Preparing a Temple Space

Most neopagans will develop some sort of magickal practice, and a few will engage in this practice regularly and consistently. There are several good reasons to develop such a regular practice, and possible a couple not to. The decision to engage in such a practice will need to be considered at length, and such a commitment should not be taken lightly, but it is not my intent to engage in such issues. Rather, we shall address a more practical matter: once you’ve made the decision to do such work, where do you do it?

Setting up a home temple for magickal or even devotional work is not in itself a difficult process, although there are some basic considerations to make. First, you must select a space to use. If you have enough space that you can have a dedicated space or room to use only as a temple, then you are incredibly fortunate, and the only thing to consider is if you’re sure that you want to use up this space for this purpose. Otherwise, your temple space may be shared with other working spaces in your home, or may even need to be a temporary set-up that can be taken down (and possibly even hidden) when not in use. Issues such as the layout of your home and living arrangements such as roommates will obviously come into play here.

There is an obvious advantage to having a permanent space, in that you can prepare more elaborate decorations and placements. Having to take down your temple after you use it, however, is a great lesson in economy, as you decide just what is necessary to prepare your space for the chosen work. Sharing a space with other work spaces may help encourage organization skills, so things don’t spill over into the wrong space. Ingenuity cane come into play as well: armoires and dressers can be strategically placed and modified into equipment cabinets, and tool placements may be improvised or modified more easily according to environmental factors (astrological hour or day) or the focus of your work.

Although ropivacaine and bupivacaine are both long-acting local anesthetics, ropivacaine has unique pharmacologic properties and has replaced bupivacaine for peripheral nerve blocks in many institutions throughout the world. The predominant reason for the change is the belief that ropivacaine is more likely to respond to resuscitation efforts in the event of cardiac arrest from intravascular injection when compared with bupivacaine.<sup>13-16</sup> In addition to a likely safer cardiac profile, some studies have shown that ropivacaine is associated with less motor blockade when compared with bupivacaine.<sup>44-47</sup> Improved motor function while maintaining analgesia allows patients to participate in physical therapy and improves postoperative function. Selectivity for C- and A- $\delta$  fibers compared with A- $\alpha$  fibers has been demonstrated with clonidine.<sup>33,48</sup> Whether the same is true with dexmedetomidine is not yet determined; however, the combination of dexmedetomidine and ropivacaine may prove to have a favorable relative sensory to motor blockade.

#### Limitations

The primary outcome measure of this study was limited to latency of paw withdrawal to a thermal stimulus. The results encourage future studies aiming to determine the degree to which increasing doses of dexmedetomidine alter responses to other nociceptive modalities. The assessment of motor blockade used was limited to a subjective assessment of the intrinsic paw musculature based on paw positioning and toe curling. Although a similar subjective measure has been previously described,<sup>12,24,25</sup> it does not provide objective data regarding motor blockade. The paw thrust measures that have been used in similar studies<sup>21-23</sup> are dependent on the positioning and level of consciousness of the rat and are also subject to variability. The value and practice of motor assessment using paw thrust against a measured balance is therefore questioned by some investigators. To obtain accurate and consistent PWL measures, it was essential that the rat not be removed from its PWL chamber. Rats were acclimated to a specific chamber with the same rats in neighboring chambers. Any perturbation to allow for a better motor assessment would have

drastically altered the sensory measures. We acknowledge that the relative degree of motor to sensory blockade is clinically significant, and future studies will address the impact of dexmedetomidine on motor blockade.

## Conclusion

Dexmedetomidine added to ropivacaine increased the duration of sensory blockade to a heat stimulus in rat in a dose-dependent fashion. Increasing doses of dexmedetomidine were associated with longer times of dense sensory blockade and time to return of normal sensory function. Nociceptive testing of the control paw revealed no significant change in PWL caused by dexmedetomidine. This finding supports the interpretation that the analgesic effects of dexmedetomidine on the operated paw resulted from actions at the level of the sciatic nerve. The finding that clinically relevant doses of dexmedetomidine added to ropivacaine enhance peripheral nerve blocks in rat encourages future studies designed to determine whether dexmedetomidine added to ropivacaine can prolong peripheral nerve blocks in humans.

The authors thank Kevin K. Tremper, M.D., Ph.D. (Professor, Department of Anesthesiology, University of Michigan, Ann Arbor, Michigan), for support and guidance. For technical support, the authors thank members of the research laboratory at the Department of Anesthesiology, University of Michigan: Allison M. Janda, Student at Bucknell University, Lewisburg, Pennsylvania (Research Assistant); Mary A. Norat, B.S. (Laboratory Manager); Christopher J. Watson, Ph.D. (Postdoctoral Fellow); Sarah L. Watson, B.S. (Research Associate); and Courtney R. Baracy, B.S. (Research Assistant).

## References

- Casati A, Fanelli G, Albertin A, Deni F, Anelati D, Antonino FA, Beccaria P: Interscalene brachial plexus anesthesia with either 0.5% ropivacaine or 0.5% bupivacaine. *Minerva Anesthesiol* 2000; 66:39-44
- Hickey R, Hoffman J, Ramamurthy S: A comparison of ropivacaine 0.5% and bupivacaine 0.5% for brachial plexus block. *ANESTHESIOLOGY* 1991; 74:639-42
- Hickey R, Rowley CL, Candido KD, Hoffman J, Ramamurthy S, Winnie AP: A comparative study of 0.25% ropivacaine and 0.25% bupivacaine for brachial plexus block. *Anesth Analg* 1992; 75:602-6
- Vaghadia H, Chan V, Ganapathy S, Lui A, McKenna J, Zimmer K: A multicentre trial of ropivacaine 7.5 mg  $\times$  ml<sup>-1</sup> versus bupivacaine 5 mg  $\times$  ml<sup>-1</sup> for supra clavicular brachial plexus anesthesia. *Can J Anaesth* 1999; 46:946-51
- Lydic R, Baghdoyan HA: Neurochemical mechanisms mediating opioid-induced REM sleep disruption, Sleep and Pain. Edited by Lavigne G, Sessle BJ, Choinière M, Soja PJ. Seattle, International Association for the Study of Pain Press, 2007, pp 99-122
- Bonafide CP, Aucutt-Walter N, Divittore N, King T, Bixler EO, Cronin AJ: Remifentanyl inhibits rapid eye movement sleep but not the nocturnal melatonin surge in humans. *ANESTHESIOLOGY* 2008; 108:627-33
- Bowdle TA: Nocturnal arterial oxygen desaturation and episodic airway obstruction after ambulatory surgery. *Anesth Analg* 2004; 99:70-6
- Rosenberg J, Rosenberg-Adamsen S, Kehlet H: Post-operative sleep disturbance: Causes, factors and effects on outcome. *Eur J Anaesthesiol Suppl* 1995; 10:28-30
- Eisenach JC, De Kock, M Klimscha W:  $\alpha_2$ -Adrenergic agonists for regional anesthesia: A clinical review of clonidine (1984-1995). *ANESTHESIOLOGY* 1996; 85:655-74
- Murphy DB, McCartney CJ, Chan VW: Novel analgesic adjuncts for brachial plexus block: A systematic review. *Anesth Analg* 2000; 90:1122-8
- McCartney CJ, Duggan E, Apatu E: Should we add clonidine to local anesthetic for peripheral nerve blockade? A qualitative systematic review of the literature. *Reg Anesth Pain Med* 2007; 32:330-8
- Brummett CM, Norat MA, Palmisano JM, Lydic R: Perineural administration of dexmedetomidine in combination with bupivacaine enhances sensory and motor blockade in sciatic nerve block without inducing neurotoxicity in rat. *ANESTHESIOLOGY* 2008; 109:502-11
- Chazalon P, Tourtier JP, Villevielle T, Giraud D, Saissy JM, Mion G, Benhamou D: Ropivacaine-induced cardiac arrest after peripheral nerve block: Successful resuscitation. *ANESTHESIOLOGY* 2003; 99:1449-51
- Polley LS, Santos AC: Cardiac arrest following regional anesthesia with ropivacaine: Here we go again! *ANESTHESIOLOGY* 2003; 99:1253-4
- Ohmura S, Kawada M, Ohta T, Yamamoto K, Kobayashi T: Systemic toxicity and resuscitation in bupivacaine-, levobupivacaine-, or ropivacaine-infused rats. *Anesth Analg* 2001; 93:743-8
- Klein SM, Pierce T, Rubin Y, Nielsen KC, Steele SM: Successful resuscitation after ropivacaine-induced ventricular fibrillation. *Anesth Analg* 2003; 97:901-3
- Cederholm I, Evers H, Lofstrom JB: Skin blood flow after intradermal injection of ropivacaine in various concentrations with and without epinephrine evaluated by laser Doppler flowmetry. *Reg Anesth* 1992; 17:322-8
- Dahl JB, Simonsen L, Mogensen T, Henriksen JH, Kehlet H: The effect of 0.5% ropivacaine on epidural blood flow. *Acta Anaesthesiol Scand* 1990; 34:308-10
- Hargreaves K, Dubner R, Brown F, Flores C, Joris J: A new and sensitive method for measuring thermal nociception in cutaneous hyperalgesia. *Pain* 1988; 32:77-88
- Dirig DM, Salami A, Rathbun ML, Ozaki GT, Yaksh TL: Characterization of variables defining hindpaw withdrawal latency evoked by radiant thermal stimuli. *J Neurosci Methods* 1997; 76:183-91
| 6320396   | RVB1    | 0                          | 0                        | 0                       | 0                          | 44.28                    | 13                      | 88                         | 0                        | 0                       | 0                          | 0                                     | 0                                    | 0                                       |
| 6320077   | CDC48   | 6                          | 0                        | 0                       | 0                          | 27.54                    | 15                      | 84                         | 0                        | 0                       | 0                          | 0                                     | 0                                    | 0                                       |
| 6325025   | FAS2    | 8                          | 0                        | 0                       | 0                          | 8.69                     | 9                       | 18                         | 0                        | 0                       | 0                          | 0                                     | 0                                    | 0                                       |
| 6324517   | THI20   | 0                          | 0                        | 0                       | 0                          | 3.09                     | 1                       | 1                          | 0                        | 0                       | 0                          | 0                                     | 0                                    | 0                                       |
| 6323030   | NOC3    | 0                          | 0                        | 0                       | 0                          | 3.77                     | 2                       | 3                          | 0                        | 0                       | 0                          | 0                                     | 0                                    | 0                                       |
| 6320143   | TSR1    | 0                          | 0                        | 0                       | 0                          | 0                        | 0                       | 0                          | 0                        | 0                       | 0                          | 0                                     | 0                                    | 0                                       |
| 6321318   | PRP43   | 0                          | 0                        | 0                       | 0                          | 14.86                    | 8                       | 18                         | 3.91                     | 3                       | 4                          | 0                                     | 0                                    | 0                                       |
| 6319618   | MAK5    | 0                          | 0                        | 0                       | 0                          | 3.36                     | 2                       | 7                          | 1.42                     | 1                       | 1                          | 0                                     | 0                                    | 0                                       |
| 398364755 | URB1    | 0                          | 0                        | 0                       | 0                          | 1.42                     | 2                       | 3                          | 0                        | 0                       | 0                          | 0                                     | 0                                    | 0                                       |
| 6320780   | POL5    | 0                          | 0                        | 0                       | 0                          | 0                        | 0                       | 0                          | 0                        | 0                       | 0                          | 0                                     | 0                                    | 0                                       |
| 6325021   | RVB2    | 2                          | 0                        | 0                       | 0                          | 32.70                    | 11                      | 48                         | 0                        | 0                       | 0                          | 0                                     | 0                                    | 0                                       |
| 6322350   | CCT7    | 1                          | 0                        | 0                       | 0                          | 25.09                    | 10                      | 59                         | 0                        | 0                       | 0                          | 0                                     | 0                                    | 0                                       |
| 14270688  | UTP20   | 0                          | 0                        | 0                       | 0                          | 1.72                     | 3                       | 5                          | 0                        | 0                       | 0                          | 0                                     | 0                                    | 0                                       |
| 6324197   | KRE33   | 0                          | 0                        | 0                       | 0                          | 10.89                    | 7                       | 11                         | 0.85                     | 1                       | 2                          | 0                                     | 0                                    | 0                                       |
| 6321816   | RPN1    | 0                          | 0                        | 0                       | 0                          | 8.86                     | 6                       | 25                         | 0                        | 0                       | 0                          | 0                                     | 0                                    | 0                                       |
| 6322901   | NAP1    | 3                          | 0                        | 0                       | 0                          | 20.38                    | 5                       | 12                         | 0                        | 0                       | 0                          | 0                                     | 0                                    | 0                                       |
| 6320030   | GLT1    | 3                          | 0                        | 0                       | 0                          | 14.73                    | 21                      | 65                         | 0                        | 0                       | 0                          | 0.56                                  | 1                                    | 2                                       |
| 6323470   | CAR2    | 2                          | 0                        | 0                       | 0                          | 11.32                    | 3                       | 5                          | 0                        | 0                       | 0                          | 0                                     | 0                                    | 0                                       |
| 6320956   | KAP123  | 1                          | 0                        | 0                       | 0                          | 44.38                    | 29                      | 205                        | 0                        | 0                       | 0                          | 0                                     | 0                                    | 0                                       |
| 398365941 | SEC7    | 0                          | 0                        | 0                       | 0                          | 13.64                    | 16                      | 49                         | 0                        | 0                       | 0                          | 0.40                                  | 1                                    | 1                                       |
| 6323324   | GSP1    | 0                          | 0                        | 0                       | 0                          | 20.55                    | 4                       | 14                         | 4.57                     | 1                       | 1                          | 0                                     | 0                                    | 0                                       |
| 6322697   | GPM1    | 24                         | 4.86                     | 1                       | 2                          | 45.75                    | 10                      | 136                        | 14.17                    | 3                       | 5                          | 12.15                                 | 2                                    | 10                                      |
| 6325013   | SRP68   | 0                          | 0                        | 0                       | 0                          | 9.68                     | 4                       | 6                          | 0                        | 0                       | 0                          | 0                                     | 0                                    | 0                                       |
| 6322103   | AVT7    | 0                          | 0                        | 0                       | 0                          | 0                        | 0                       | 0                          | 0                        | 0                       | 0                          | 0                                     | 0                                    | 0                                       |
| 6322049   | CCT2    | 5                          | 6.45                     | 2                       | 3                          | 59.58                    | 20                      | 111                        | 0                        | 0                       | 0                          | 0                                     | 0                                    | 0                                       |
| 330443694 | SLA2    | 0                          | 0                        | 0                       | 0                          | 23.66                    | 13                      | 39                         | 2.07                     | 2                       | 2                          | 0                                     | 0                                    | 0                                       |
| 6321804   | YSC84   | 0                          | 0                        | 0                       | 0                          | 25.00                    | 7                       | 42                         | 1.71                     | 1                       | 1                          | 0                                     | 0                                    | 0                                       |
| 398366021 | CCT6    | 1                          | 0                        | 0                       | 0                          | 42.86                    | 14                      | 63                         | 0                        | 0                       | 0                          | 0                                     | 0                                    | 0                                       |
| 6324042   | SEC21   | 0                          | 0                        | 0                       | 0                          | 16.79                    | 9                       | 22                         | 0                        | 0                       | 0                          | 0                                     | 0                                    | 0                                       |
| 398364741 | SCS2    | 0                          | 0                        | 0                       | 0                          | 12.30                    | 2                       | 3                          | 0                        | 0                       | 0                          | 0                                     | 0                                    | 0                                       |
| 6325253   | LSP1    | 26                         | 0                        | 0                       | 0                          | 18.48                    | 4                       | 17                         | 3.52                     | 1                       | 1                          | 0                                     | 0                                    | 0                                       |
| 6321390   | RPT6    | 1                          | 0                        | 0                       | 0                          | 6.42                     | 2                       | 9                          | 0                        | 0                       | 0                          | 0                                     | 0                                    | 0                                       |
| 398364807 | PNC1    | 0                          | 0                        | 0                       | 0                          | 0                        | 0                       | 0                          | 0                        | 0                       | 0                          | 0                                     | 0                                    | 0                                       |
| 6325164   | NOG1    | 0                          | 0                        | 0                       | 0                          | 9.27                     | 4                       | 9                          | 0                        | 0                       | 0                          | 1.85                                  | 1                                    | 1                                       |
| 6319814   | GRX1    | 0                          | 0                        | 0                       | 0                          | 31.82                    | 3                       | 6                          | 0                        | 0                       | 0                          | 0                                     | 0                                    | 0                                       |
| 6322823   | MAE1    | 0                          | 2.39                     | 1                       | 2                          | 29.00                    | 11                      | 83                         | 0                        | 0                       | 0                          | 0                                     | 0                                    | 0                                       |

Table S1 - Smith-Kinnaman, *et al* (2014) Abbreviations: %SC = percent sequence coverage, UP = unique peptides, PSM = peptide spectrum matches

Related to the selection of your space is the matter of the primary use of that space. Will your temple function primarily as a magickal work space, or as a place of worship? If worship, will a smaller altar in a nook be just as useful, or are your purposes better served with a larger space? Will your work be solitary or group work? The space that I use for my personal ritual work is far too cramped for group workings, and modifications must be made if I have people over (which generally involve moving to another room).

Once your space is selected, it must be suitably (physically) prepared. The importance of cleaning cannot be understated — dust and dirt is unsightly physically, and may contain residual energies that you don’t want around. Anything that attracts pests is also probably unwanted in a soon to be sacred space as well. Plus, scrubbing out a room imparts a certain amount of energy into that space, especially if you take extra care and effort to thoroughly clean it out. It’s also a good idea to clean your space regularly once it has been established, and if possible before every use of a temporary space.

Once your space has been physically cleaned, you can decorate it according to your vision. Does it require certain color schemes? If dedicating a whole room, you might be able to paint the walls — if not, hanging sheets or blankets along the wall might work. (Indeed, such an arrangement might be useful in a dedicated room as well, since you would be able to change the colors easily.) Do you wish to decorate the surrounding area with banners or symbols of power? And then there is the centerpiece of space — do you wish to have the space focused on an altar, or on an open space to facilitate movement? I have limited space, so I tend to use a small altar just big enough for my tools in the center of my working space. Try to find a balance between function and availability of space.